Perhaps the most important Florida case involving tenancies by the entireties in personal property is Beal Bank, SB v.
even if the [b]ank at the customer's request titles the customer's account as "tenants by the entireties" or receives oral or written notice that the customer intends to treat the funds as being held as such, the customer agrees that as between the customer and the bank, the bank may treat the account like any other joint account and subject to all the terms and provisions set forth above.
Accordingly, the court held that as between the debtor and a third-party creditor (other than the financial institution into which the deposits are made), if the signature card or account does not expressly disclaim a TBE form of ownership, a presumption arises that a bank account titled in the names of both spouses is held as tenants by the entireties as long as the account is established by both spouses in accordance with the unities of possession, interest, title, and time and with right of survivorship.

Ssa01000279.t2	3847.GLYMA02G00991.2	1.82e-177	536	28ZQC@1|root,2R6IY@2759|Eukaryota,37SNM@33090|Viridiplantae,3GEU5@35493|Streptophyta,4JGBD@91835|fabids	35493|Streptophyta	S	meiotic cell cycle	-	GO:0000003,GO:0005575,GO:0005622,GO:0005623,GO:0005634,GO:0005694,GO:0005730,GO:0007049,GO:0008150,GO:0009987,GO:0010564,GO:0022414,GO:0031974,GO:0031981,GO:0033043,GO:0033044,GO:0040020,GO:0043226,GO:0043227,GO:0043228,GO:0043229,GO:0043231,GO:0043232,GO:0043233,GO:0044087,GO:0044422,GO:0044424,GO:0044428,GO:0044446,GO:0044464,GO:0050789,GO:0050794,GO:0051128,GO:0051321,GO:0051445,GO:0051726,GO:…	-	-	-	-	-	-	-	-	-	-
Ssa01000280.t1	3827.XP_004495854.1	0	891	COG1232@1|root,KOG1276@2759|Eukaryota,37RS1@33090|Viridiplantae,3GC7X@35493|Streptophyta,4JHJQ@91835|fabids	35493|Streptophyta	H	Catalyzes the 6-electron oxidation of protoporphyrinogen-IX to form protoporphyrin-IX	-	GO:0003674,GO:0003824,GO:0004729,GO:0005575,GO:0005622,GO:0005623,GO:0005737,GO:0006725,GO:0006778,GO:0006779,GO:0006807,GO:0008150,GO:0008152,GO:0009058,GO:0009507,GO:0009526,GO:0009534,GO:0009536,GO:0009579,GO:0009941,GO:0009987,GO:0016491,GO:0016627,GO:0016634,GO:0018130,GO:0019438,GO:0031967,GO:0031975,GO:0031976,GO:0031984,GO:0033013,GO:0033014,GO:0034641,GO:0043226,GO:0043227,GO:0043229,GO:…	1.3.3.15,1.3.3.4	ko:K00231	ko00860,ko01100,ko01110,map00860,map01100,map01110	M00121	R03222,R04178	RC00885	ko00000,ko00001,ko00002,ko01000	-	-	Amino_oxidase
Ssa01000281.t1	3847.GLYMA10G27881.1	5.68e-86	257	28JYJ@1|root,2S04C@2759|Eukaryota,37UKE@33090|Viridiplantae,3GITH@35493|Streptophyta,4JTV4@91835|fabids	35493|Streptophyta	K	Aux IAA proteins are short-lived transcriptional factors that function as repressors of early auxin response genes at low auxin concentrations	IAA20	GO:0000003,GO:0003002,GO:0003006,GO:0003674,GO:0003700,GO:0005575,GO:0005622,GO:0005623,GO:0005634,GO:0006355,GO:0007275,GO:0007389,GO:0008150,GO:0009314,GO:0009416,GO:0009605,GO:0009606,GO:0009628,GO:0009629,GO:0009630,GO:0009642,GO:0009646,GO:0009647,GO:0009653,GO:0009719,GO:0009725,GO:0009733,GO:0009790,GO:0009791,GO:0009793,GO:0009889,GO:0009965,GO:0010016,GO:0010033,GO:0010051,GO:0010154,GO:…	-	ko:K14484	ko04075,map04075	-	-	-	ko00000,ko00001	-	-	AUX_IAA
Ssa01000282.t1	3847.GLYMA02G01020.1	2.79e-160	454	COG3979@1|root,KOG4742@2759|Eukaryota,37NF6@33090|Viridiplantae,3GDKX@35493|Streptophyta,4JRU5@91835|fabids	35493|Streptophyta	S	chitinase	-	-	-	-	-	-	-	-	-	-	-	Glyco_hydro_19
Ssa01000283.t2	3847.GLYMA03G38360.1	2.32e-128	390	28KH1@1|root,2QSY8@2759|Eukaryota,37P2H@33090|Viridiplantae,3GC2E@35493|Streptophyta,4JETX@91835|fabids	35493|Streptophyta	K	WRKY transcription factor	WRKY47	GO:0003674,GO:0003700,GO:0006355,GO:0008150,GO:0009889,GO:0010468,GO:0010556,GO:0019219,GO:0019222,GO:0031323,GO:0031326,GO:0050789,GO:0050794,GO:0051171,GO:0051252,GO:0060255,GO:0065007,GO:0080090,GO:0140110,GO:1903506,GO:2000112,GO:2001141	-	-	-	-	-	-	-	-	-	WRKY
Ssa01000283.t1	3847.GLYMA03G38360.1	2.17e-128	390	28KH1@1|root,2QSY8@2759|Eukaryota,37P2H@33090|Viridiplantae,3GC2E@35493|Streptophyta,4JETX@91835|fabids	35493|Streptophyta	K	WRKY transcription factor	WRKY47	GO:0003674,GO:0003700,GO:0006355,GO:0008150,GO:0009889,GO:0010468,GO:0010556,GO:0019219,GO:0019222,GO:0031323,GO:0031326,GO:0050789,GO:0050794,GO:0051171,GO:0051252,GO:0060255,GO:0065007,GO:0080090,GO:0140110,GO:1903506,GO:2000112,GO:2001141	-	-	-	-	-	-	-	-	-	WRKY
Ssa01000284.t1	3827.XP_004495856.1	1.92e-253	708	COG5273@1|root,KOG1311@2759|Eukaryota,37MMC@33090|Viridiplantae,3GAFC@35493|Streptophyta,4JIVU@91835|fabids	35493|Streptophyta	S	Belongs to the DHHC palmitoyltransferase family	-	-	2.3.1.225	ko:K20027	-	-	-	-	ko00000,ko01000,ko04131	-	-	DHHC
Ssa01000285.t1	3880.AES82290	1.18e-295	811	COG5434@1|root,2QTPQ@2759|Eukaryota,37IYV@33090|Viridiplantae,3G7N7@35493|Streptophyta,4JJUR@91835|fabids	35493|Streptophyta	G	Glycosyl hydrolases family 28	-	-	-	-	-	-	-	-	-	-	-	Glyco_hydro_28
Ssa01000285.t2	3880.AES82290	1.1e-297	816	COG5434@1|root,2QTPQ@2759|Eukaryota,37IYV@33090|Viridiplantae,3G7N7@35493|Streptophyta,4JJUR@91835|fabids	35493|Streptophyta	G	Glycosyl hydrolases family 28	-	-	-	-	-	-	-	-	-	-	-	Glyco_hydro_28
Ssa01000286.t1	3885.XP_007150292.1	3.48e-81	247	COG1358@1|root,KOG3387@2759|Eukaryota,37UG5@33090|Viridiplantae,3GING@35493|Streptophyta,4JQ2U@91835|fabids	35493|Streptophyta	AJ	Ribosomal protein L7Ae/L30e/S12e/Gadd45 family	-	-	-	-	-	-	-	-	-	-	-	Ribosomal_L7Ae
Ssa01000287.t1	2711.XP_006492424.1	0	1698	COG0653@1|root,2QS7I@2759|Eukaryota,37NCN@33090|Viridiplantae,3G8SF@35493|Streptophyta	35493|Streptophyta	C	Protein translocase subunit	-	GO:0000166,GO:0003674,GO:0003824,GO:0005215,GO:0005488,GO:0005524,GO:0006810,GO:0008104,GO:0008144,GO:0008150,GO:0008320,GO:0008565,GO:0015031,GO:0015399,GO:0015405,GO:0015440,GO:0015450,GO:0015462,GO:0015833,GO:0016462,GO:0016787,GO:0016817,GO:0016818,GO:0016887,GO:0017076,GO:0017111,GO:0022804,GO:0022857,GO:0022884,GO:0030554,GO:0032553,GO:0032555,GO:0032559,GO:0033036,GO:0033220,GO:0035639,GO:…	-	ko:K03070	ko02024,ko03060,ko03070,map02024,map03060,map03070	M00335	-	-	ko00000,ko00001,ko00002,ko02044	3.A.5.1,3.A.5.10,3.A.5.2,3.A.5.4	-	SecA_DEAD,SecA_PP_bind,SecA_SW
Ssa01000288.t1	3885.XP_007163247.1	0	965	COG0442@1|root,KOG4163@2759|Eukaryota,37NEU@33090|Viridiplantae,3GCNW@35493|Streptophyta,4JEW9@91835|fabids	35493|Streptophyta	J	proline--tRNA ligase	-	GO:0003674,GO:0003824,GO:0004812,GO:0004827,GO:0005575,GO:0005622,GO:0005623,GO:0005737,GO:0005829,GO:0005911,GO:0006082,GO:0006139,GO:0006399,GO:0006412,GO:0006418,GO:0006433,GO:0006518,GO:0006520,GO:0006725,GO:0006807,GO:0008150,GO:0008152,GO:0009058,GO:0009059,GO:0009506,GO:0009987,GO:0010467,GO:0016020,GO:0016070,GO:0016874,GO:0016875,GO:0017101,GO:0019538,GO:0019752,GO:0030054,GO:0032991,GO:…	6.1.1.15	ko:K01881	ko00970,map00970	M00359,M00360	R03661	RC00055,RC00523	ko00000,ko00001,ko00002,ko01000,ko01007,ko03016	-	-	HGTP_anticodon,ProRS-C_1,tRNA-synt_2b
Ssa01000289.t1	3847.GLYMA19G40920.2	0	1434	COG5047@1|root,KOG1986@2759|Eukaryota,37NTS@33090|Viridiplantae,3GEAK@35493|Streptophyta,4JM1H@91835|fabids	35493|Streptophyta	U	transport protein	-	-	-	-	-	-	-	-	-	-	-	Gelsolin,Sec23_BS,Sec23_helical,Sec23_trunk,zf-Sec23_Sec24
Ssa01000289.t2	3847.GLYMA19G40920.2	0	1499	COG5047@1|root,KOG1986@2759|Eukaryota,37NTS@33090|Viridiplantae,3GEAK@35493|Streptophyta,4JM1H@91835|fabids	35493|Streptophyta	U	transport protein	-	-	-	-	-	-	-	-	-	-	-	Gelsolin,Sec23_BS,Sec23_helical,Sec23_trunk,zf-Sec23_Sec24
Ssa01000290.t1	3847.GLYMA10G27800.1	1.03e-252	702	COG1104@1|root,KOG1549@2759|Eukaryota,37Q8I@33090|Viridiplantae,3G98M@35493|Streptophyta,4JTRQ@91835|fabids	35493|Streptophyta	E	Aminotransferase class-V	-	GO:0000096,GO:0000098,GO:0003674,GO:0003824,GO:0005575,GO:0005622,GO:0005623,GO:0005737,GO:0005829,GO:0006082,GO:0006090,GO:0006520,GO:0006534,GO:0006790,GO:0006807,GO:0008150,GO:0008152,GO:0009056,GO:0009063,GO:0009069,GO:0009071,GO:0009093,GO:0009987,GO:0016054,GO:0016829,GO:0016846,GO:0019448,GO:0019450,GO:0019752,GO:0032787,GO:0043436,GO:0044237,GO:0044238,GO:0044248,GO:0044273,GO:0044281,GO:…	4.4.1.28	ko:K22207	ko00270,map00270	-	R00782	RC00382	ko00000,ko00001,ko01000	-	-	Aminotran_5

However, if the debtor establishes that the financial institution did not offer a TBE form of account ownership or expressly precluded that form of ownership, then the debtor may prove by other evidence the intent by which the debtor and spouse held the account as tenants by the entireties.
The Craft court failed to value the lien or measure the husband's interest in the entireties property, thus, leaving the measuring device to be determined on remand.
Hence, one tenant owner in tenancy by the entireties property lacks control.
Such marketability factors, or lack thereof, are similarly found in joint ownership of tenancy by the entireties property where there is no active market for resale of a partial interest.
Just as options may be valued, "survivorship" and the ability to sever tenancy by the entireties property may be valued.
This idea is not original and has been the subject of many scholarly writings. More specifically, the entireties doctrine has been deemed an "ancient and archaic form of property ownership." Consequently, 13 other states have clearly rejected the entireties doctrine.
Without tenancies by the entireties, bankrupt debtors would look to the homestead exemption to protect real estate.
Tenancies by the entireties often play a role in other areas of the law.
To prevent a negative impact upon other areas of the law, the entireties doctrine should only be eliminated as it relates to bankruptcy.